Jordan Gallant (Brock University) has recently offered an Open Office Hour on using PsychoPy3 to create and run experiments online (video & collected materials: https://bit.ly/2wshFL7). Now he has put together a series of resources for researchers who are interested in getting started with PsychoPy3, but who don’t know quite where to start.
He is offering a selection of Experiment Templates (https://gitlab.pavlovia.org/Words_in_the_World), including code for lexical decision and self-paced reading tasks in PsychoPy3, and an associated video (Template Tutorial: https://www.youtube.com/watch?v=3dY5gvzR9xo) that explains how to use the templates to create your own experiments.
If you are interested in conducting collaborative research using PsychoPy3/Gitlab, you can find detailed information about setting up projects in a series of videos here: https://www.youtube.com/playlist?list=PLrqzzPKPF_6ZSVeUnKk3V_FogfgogjChg
Jordan will also be hosting next week’s Open Office Hour on how to conduct collaborative research online using PsychoPy3/Gitlab, and will be available for a Q&A after his presentation!
Join us this week on Tuesday, April 21 at 12pm EDT (GMT -4) for a look into how to use online psycholinguistic resources to run experiments without a lab. Dr. Victor Kuperman (McMaster) will lead us through an introduction to online databases and how we can combine information from different databases using R. More information here: Using online databases
Recordings of previous Open Office Hours are now available! You can currently find the following videos on YouTube:
How to collect psycholinguistic data from home: Introduction to crowdsourcing tools
Running non-chronometric experiments in Mechanical Turk
Running chronometric experiments online using PsychoPy3
You just read a word with a spelling error that we see in 39% of occurrences of “innocent” in social media. Recent research from the Reading Lab at McMaster demonstrates that spelling errors are harmful in that they make readers “unlearn” the correct spelling, and do so every time an error is encountered. This detrimental effect of variability in spelling affects all readers, even those whose own spelling habits are impeccable.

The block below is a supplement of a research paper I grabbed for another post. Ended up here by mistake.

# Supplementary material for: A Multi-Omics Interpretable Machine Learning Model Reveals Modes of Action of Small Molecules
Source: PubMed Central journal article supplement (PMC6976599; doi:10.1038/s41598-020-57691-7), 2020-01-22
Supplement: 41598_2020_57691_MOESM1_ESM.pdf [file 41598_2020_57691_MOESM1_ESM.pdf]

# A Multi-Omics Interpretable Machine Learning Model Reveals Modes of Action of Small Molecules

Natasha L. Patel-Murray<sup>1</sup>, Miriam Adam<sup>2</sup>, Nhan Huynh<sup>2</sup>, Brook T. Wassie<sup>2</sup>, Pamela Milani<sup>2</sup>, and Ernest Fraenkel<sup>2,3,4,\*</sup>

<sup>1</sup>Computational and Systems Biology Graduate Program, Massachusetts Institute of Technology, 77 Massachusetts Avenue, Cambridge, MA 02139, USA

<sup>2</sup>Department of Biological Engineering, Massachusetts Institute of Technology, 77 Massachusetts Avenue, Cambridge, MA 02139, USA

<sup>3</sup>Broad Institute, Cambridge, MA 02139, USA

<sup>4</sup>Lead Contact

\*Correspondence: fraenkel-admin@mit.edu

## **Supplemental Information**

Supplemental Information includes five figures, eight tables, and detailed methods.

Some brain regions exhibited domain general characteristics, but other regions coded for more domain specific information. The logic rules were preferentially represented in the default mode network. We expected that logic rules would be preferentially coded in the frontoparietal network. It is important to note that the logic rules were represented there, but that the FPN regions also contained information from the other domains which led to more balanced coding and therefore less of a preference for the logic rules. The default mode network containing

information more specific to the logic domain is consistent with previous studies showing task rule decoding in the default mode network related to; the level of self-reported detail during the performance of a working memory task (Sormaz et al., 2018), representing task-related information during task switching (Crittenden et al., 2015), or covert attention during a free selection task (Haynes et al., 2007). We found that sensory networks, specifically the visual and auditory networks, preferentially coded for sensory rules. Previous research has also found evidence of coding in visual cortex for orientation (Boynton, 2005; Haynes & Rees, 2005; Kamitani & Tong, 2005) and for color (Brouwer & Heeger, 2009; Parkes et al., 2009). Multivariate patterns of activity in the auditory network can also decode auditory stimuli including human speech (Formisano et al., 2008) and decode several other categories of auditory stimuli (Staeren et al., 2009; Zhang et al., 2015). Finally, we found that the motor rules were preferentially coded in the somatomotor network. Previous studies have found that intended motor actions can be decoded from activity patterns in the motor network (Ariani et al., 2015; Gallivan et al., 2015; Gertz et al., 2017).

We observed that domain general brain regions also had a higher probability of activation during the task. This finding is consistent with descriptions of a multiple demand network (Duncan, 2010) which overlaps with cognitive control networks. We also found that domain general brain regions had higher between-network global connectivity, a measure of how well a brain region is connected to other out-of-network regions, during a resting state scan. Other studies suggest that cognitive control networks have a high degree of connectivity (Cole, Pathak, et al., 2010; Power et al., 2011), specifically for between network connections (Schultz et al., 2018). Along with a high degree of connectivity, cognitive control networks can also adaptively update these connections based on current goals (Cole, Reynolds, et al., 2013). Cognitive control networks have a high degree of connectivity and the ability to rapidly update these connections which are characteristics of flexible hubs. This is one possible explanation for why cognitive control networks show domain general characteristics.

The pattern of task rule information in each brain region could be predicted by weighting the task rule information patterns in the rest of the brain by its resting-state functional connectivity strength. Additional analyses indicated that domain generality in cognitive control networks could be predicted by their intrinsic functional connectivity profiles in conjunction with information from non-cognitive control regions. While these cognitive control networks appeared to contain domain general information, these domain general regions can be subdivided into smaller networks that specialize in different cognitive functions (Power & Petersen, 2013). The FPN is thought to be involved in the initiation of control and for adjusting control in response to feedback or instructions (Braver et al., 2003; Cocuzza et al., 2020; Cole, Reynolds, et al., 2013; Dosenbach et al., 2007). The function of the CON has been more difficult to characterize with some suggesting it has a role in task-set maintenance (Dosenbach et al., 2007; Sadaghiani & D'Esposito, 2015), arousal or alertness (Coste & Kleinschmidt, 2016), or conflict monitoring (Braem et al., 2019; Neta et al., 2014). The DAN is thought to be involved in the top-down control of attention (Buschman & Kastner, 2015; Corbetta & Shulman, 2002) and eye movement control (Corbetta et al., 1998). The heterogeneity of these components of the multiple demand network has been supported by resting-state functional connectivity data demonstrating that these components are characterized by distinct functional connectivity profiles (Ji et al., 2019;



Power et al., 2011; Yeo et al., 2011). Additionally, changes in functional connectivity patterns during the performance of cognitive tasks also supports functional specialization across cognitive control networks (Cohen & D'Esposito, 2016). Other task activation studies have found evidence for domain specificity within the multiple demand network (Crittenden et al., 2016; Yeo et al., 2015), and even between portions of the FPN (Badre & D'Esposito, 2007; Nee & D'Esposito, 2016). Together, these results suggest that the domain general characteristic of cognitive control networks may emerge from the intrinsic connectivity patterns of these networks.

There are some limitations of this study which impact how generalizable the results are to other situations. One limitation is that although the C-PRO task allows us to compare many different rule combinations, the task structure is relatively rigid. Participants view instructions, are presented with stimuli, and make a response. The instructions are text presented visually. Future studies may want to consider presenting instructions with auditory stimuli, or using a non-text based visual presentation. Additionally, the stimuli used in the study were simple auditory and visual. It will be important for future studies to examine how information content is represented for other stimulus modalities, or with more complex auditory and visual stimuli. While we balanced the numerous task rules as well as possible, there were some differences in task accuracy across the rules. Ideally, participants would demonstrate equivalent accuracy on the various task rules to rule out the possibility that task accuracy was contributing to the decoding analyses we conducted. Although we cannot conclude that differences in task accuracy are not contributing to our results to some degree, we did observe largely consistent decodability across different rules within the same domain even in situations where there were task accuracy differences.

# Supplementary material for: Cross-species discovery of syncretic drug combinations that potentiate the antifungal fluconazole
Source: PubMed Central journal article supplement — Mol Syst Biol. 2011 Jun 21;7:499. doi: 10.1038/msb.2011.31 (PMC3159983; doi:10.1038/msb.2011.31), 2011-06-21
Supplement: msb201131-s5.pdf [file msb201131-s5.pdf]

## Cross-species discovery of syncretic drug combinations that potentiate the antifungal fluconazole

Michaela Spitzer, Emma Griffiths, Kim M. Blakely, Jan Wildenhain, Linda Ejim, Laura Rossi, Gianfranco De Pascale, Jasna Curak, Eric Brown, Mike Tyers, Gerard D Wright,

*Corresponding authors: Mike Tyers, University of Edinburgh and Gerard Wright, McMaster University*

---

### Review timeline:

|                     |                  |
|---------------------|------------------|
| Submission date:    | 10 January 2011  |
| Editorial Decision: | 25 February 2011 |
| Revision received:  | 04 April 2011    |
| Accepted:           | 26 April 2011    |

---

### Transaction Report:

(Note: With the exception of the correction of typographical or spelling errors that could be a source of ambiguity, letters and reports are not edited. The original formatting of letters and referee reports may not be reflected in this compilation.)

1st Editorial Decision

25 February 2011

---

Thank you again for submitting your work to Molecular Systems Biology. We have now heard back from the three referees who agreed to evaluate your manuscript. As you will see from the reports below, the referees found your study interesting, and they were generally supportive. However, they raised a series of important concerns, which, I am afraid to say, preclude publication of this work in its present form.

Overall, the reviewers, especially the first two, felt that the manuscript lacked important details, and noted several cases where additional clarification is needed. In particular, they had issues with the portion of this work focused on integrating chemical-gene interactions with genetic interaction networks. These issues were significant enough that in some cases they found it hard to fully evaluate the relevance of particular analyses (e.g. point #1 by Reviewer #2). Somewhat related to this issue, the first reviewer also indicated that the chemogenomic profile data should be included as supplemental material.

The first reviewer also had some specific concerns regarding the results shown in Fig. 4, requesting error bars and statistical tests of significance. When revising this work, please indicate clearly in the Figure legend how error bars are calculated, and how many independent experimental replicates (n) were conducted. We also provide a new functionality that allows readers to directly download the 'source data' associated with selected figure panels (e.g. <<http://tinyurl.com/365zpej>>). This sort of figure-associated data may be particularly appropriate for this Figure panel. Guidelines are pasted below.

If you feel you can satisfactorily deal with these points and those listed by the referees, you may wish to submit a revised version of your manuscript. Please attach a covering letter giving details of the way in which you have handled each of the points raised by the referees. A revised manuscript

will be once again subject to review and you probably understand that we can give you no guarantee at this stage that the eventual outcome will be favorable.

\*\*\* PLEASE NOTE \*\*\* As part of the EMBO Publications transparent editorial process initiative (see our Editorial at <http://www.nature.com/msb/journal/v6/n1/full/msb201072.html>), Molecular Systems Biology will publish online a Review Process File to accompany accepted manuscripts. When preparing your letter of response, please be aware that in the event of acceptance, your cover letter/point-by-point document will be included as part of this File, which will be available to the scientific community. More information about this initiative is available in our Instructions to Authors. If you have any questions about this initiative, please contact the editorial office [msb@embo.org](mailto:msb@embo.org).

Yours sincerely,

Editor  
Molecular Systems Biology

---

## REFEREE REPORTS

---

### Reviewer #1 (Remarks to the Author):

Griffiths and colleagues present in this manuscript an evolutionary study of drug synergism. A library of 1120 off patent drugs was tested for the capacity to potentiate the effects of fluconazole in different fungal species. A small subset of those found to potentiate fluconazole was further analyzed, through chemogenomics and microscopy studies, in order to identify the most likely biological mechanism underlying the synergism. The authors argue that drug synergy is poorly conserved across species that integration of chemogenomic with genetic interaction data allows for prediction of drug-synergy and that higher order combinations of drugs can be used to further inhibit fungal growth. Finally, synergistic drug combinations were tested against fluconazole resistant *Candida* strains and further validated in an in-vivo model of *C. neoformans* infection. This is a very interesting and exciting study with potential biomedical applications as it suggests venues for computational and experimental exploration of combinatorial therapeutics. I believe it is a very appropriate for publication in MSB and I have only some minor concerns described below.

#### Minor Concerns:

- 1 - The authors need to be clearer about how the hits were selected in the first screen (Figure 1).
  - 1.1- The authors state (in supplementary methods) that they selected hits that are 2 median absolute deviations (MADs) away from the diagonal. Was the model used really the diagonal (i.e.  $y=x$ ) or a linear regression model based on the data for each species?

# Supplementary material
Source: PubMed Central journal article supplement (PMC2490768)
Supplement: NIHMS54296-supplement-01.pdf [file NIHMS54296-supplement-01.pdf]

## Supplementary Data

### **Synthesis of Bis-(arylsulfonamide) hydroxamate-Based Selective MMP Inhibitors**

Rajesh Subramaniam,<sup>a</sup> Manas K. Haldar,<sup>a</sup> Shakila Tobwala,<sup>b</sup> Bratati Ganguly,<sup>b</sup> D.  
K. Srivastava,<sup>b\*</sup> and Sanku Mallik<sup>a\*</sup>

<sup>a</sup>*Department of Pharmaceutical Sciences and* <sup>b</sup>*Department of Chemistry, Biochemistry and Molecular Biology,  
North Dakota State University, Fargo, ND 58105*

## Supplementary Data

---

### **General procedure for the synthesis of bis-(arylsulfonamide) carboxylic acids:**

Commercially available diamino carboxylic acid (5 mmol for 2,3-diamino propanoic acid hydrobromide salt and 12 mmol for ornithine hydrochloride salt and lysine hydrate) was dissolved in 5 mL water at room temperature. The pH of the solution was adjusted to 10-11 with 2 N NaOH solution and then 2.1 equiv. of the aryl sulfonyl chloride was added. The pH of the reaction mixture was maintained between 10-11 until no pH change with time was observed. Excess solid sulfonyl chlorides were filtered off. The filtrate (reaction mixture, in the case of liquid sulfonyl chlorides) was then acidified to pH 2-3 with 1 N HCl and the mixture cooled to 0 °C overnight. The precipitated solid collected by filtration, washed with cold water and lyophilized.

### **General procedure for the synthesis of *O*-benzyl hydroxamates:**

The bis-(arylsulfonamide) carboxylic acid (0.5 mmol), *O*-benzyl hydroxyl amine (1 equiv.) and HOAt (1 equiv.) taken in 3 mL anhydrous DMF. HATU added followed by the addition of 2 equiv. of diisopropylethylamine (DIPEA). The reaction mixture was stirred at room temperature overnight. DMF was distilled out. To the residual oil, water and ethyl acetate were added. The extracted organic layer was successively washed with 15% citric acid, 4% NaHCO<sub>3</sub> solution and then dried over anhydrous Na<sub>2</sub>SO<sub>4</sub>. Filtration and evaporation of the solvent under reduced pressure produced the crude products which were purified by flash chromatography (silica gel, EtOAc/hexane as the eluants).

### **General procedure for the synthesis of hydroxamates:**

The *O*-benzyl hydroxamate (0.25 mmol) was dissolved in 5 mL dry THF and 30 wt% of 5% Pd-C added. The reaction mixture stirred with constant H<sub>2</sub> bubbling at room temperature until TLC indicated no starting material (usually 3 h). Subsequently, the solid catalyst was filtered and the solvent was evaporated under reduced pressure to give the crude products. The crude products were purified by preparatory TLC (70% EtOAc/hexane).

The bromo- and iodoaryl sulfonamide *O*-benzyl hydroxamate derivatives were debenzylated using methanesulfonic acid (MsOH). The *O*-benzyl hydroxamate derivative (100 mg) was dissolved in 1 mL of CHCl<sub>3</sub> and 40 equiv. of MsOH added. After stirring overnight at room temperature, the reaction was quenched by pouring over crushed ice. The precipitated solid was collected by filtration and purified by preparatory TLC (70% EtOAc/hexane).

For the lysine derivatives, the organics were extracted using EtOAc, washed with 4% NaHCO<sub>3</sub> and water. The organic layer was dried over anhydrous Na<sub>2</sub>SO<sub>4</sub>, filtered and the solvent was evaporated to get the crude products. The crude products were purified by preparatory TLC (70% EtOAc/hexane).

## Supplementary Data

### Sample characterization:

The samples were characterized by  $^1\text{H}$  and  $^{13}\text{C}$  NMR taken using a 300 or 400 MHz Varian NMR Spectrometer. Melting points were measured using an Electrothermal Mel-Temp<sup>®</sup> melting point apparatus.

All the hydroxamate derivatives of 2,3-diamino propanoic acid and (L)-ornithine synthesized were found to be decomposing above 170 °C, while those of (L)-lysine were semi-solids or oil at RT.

In two studies using the state-of-the-art eye-tracking technique and a behavioural lexical decision task, undergraduate student Sadaf Rahmanian and Dr. Victor Kuperman at the McMaster Reading Lab showed that readers took longer to recognize words that were spelled correctly, if those words were more frequently misspelled in unedited sources like social media. Sadaf concludes: “Praise be to spell-checkers, literacy instructors, proof-readers and editors, who keep spelling consistent.” The findings were published in the leading journal on literacy and reading research Scientific Studies of Reading.
For the full paper, click here [http://www.humanities.mcmaster.ca/~vickup/Rahmanian-Kuperman-2017.pdf]
Think of the verb “cause.” Does it make you feel emotional? Most likely, not. Now think of the contexts in which this verb occurs: cause problems, cause damage, cause harm. The framing of ’cause’ is emotionally negative. A recent study by a PhD student Bryor Snefjella and Dr. Victor Kuperman from McMaster Reading Lab, published in a premier psychology journal Cognition, shows for the first time that contexts are as powerful in determining emotionality of an English word, as the word itself.
Says Bryor: “It’s been known that positive and concrete words (e.g., ice-cream or smile) are learned earlier in life, recognized faster in print and retained better in memory. What we show is that word learning, recognition and memory is equally strongly affected by how positive or concrete the contexts are in which a word tends to occur. To have a larger vocabulary, keep your contexts positive!”
Snefjella, B. and Kuperman, V. (2016). It’s all in the delivery: Effects of context valence, arousal, and concreteness on visual word processing. Cognition, 156, 135-146.
Read the preprint here.